A Bigamist’s Daughter by Alice McDermott – Audiobook Review

A Bigamist’s Daughter by Alice McDermott, narrated by Tavia Gilbert
Published in audio by Macmillan Audio, published in print by Picador, both imprints of Macmillan

If you reviewed an audiobook today, Friday, June 29th please leave your link in the Mr. Linky before midnight Central time (US) and you will be eligible to win a prize.

Synopsis:

From the publisher:

Elizabeth Connelly, editor at a New York vanity press, sells the dream of publication (admittedly, to writers of questionable talent). Stories of true emotional depth rarely cross her desk. But when a young writer named Tupper Daniels walks in, bearing an unfinished novel, Elizabeth is drawn to both the novelist and his story—a lyrical tale about a man in love with more than one woman at once. Tupper’s manuscript unlocks memories of her own secretive father, who himself may have been a bigamist. As Elizabeth and Tupper search for the perfect dénouement, their affair, too, approaches a most unexpected and poignant coda.

Thoughts on the story:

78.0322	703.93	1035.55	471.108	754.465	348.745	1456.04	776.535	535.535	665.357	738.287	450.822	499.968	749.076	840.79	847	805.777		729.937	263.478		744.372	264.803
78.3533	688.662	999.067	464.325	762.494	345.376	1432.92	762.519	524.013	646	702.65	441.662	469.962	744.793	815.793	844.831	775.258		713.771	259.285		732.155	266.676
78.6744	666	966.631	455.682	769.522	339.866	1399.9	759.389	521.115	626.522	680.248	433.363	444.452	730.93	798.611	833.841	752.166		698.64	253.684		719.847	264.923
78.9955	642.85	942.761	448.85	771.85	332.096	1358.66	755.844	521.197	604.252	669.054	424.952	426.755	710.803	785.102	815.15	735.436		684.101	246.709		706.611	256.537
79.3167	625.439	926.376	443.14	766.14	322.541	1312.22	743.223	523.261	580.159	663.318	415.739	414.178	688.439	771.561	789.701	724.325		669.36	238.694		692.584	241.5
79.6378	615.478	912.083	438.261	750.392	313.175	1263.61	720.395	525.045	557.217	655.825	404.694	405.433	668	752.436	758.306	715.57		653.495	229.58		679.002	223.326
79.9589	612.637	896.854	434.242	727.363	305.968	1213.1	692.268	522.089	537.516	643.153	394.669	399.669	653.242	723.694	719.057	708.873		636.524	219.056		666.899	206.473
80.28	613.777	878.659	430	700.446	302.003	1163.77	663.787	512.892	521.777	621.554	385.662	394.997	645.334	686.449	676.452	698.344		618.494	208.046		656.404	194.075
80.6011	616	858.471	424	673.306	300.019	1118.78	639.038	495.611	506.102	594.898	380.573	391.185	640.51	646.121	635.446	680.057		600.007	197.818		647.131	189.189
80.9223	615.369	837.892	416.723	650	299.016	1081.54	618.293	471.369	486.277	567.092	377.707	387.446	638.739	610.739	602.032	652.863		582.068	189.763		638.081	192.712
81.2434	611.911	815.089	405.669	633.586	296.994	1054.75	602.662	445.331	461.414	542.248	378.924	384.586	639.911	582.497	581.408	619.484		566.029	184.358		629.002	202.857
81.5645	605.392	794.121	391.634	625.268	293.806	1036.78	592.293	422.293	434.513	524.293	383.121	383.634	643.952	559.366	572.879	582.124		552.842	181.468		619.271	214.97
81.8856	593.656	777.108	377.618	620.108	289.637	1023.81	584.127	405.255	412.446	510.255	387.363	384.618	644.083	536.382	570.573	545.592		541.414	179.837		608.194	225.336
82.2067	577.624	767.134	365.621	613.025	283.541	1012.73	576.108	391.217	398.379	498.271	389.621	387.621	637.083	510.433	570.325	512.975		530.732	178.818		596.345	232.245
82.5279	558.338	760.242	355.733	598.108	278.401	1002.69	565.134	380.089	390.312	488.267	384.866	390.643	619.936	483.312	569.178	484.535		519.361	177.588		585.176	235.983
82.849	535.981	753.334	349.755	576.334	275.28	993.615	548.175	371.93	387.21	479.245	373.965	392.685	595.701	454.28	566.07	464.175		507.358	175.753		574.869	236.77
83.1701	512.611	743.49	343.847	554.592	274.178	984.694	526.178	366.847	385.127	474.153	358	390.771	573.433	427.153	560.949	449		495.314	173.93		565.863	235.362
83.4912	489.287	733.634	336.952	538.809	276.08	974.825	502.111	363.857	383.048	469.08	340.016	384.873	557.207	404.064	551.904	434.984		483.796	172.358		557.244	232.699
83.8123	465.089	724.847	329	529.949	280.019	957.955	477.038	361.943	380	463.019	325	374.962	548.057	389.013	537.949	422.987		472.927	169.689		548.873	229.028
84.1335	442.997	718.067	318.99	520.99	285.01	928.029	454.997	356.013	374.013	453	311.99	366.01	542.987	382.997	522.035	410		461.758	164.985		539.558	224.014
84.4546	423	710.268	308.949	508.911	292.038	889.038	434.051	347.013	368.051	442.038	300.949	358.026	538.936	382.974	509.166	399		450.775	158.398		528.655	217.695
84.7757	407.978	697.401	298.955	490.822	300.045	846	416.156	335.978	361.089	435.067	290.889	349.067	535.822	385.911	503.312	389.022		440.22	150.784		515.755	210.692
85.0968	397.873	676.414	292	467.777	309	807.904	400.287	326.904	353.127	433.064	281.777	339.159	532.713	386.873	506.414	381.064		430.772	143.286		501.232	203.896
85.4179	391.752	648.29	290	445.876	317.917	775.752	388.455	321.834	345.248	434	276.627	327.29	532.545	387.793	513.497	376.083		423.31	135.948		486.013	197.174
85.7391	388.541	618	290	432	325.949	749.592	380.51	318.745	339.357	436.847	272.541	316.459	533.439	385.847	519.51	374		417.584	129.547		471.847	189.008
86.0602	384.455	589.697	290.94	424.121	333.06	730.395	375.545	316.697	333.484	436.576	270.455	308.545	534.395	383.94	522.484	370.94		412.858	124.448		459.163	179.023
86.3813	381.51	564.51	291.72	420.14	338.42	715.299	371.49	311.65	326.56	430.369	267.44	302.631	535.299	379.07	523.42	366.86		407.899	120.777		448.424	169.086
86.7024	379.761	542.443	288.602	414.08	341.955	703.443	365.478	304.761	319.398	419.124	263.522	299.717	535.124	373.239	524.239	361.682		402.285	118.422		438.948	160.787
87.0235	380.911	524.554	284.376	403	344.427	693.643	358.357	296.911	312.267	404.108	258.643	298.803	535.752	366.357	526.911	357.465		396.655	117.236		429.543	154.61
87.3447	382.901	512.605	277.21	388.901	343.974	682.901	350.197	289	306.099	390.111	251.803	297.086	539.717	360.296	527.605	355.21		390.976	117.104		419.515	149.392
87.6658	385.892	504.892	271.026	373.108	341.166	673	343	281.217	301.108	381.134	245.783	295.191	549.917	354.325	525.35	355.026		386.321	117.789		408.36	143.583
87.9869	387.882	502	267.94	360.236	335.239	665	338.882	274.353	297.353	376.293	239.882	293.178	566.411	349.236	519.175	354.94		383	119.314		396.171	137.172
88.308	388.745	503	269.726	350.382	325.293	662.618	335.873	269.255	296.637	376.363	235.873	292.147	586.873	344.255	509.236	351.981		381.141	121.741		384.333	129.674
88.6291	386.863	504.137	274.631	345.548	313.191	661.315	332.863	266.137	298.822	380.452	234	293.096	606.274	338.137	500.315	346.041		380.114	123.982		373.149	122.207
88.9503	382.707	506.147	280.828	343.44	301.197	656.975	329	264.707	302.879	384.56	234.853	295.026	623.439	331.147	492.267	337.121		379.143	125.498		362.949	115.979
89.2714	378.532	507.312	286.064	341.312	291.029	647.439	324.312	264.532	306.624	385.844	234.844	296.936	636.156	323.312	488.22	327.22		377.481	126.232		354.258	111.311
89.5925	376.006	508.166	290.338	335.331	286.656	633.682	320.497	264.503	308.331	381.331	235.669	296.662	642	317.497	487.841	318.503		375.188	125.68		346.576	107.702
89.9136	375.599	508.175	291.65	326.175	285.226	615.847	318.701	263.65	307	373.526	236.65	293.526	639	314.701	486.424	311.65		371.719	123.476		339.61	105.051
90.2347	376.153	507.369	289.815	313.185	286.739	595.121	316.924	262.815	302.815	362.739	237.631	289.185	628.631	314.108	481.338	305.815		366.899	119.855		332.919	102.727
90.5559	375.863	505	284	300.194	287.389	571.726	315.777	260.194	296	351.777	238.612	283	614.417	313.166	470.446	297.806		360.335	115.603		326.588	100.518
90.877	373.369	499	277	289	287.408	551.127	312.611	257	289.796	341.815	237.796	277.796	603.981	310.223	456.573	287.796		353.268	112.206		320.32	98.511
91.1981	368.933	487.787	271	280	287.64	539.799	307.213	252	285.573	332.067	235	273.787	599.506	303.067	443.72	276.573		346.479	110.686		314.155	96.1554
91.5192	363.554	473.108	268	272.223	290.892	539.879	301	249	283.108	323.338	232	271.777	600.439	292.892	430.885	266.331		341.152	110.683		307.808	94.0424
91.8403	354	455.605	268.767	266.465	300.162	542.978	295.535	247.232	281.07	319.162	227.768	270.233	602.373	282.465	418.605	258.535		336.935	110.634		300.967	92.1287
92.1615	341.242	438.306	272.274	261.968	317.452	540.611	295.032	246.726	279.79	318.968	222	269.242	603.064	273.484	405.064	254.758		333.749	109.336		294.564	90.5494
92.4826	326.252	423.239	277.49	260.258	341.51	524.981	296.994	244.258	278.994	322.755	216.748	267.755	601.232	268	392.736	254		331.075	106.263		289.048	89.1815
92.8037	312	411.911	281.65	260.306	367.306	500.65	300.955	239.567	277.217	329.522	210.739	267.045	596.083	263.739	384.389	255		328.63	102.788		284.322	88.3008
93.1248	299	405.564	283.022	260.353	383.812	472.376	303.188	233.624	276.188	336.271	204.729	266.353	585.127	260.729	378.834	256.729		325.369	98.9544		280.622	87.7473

I truly loved the fact that McDermott’s main character in A Bigamist’s Daugter was an editor at a vanity press. It does date the book a bit, since this is pre-ebook revolution, which makes sense as this is McDermott’s debut novel, written in 1982, recently re-released and recorded in audio. Elizabeth is a complex character, especially in relationship to her job. Her relationship with Tupper – and her memories of her father – is a bit odd, she is a rather emotionally stunted and closed off, which makes it a bit difficult to invest in their relationship, but she remains a fairly empathetic character. There is definitely some unevenness in this debut, but the concept itself will be intriguing enough for many readers to carry the novel.

Thoughts on the audio production: